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Showing posts from April, 2011

Noted: Genre and Disgust

Some passages from books due back at the library...

From "The Politics of Genre" by Stephen Heath, in Debating World Literature edited by Christopher Prendergrast, Verso, 2004, pp.172-173:The politics of genre turns on the distinctions it makes and the hierarchies those distinctions readily support: between high and low, sacred and secular, poetic and prosaic, literary and non-literary genres. To challenge and transform such hierarchies involves a range of shifts in perception and genre judgement, notably as to what counts as the proper matter and language of literature, as to what to recognize. The development of the novel provides a powerful middle class with a genre that seeks to represent the terms of its world in defiance of traditional genre views of the actual social life of men and women as fitting only for comedy or satire (the supreme genres are conceived as universal, expressing essential truths in abstraction from the contingencies of the everyday). Diaries, dome…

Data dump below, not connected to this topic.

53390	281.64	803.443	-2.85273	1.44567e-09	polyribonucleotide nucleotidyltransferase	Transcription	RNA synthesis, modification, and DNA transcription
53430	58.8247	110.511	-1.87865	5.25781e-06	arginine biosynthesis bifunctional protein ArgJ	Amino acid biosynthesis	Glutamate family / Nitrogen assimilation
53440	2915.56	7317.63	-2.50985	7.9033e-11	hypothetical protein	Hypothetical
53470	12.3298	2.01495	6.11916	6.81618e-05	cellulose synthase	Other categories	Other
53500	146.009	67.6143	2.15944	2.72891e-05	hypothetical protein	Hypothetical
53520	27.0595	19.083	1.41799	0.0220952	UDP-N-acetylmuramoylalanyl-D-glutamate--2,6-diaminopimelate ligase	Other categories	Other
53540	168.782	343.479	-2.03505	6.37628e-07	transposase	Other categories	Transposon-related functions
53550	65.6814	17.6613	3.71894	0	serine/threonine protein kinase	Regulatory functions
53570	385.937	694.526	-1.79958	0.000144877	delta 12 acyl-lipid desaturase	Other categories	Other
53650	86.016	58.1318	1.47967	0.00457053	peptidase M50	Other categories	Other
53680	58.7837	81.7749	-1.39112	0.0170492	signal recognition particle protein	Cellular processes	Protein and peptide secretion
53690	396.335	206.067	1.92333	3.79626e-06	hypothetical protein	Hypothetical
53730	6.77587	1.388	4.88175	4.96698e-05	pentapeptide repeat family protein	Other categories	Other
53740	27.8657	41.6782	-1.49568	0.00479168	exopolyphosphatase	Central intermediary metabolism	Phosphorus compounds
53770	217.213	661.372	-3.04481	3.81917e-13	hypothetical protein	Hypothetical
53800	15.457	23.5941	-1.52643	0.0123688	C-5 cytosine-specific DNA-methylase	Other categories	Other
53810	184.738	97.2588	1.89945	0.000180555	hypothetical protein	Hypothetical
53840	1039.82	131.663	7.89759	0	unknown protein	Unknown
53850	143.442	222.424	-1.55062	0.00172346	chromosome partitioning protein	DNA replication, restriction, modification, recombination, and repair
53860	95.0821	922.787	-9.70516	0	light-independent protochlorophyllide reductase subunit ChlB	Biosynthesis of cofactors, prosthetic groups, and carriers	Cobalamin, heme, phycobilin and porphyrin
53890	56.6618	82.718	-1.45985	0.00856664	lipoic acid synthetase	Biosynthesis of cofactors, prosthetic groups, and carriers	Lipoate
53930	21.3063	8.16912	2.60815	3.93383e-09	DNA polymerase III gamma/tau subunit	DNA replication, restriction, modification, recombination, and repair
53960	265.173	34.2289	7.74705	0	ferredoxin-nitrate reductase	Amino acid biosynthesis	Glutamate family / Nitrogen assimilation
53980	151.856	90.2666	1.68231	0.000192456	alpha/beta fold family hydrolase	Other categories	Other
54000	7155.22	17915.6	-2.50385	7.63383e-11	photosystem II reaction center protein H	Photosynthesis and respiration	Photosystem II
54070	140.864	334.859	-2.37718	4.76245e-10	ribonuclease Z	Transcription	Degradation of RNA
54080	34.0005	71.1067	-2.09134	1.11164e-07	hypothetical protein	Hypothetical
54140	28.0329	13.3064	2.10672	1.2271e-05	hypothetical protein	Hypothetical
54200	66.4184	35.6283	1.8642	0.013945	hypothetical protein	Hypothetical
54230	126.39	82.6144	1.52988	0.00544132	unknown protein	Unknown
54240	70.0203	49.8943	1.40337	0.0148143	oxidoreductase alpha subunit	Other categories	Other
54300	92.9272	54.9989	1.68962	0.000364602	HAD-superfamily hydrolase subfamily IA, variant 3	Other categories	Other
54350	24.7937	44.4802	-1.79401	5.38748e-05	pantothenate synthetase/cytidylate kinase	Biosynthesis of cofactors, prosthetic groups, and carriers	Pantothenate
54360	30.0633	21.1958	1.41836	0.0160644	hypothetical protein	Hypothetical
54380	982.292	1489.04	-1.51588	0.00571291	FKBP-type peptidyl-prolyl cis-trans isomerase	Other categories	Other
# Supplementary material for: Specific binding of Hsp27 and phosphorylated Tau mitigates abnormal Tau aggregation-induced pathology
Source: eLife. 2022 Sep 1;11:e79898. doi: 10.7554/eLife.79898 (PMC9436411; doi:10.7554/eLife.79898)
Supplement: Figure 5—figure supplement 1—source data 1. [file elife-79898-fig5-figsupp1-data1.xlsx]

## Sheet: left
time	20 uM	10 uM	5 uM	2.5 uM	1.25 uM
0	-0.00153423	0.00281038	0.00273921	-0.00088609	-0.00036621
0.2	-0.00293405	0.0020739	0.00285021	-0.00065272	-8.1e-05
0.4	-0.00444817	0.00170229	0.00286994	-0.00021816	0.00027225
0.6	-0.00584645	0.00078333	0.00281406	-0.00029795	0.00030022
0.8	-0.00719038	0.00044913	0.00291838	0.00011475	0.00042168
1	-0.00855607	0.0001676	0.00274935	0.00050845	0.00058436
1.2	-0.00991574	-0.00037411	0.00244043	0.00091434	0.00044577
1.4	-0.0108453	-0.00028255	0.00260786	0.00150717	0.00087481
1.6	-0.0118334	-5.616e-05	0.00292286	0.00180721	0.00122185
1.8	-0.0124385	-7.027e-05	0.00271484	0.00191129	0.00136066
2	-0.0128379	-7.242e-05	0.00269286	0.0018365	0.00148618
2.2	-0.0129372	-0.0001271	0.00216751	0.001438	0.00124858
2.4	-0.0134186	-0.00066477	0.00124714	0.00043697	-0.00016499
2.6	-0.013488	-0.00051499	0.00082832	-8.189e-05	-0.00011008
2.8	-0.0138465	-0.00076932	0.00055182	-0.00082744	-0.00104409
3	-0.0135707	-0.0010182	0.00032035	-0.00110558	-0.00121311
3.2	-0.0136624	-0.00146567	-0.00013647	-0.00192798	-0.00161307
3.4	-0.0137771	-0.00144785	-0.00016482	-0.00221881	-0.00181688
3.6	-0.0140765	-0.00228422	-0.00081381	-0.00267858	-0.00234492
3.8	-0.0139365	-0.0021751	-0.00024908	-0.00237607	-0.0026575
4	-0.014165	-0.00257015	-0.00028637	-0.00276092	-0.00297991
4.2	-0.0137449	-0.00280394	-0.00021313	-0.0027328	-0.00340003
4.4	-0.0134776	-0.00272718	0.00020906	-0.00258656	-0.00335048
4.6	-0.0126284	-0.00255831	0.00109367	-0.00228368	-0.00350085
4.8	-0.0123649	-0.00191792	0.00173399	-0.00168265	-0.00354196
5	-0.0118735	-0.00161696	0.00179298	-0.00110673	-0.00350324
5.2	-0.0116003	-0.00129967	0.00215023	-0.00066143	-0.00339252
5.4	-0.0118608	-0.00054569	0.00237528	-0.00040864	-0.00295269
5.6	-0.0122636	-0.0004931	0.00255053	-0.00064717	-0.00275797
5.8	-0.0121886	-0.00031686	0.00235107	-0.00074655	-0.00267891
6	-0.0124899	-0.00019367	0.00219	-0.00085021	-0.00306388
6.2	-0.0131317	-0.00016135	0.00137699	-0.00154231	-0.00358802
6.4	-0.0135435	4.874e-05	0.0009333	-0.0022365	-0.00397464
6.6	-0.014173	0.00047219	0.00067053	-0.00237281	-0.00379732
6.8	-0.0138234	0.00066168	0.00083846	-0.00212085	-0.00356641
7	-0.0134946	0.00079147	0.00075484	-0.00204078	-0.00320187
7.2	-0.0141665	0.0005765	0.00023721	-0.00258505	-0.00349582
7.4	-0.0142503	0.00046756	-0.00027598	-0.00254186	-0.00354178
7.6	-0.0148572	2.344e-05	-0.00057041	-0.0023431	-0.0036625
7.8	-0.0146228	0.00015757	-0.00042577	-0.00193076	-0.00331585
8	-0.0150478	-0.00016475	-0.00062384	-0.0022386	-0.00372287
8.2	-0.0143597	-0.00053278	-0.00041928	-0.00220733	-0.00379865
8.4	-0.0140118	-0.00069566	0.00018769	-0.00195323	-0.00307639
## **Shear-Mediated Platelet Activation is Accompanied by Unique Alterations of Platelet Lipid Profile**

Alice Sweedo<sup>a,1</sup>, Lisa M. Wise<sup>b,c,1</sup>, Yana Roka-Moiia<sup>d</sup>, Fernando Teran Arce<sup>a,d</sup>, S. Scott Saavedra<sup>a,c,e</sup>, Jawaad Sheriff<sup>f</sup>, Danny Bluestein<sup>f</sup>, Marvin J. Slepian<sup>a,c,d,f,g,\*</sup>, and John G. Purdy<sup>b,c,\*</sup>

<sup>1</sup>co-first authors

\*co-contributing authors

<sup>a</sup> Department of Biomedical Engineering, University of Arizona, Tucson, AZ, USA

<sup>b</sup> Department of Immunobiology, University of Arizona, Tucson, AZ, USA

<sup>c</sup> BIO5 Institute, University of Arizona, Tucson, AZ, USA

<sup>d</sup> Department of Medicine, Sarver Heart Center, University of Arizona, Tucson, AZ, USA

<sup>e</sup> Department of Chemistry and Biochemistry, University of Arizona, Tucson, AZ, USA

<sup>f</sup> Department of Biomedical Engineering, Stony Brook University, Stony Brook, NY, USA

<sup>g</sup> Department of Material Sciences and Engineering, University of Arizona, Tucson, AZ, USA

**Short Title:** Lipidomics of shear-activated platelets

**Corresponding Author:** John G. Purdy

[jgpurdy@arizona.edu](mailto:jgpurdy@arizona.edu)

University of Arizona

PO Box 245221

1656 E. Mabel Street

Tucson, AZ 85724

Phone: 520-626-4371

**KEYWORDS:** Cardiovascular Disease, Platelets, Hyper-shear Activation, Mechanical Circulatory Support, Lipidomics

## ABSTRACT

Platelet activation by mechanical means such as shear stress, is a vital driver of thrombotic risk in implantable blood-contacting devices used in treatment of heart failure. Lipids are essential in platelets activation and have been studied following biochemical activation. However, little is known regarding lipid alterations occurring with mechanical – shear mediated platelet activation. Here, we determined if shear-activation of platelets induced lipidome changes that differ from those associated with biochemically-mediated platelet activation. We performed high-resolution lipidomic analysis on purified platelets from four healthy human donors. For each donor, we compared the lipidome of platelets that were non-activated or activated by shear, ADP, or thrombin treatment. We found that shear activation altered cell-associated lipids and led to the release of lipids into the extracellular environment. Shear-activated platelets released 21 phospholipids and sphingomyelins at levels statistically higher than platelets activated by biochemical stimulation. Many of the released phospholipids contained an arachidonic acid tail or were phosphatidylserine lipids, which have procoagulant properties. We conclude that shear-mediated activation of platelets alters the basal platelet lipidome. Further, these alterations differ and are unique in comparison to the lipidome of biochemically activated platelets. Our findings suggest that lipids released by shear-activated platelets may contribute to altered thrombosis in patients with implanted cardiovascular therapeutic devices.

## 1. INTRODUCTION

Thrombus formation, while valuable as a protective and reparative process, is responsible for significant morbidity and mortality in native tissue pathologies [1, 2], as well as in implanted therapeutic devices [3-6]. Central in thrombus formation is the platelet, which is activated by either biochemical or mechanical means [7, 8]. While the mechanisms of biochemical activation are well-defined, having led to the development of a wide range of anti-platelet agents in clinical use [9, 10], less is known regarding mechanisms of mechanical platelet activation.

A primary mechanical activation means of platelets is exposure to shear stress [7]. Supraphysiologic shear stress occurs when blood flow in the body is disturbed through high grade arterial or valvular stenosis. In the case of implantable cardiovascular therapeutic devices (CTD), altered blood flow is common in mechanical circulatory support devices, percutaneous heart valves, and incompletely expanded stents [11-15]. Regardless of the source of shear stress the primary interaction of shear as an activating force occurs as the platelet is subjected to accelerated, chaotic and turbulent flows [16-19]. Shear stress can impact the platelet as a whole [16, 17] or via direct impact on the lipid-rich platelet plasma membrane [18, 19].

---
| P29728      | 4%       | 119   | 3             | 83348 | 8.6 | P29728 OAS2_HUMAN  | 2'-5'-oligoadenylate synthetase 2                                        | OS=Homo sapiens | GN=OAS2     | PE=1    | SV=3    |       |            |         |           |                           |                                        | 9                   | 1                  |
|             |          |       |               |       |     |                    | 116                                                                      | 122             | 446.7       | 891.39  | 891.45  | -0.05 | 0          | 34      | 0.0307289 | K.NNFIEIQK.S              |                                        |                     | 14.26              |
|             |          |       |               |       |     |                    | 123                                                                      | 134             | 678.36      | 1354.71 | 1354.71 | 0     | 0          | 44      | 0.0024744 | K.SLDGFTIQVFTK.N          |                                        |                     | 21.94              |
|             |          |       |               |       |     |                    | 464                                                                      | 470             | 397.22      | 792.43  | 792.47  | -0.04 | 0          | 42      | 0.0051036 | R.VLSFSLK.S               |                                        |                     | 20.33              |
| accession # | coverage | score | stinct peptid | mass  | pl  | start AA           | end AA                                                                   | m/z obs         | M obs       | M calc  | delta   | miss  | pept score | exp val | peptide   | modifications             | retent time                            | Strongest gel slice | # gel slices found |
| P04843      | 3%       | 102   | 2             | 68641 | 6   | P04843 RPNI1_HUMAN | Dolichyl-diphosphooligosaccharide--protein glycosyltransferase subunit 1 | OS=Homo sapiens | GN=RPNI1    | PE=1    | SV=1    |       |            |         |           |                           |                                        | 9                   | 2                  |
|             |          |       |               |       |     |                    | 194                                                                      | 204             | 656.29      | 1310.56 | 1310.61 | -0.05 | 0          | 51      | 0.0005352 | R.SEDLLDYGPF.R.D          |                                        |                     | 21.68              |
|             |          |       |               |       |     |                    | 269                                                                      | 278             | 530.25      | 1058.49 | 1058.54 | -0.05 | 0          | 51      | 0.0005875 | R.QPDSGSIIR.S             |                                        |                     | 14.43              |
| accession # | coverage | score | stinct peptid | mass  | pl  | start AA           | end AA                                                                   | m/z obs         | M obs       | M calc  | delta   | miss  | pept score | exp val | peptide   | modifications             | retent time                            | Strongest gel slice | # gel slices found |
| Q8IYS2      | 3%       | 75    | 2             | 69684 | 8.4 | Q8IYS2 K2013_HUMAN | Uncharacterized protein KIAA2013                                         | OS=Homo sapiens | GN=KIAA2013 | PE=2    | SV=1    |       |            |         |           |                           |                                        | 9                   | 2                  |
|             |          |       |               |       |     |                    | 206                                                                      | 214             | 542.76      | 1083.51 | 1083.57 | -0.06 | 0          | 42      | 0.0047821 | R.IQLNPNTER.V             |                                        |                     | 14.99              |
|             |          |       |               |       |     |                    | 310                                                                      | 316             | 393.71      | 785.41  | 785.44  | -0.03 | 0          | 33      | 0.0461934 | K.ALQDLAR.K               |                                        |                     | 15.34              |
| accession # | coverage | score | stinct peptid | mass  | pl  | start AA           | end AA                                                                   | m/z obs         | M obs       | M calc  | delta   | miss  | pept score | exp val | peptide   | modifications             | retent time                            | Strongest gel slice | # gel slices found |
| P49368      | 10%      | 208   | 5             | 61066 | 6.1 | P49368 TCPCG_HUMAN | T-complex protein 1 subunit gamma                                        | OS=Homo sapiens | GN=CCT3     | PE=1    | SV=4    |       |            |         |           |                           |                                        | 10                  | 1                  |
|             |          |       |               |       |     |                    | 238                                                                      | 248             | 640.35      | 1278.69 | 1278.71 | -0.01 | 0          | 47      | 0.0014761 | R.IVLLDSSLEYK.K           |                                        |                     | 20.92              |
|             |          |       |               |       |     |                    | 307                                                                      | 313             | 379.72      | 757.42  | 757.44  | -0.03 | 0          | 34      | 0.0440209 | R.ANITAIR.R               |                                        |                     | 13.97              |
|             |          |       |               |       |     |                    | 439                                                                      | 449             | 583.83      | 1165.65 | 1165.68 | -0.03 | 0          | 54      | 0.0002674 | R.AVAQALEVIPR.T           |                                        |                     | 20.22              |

Timmi Duchamp on Joanna Russ

Joanna Russ (1937-2011)

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Reliable sources are reporting that Joanna Russ died this morning at a hospice facility in Tucson, Arizona. She was 74 years old.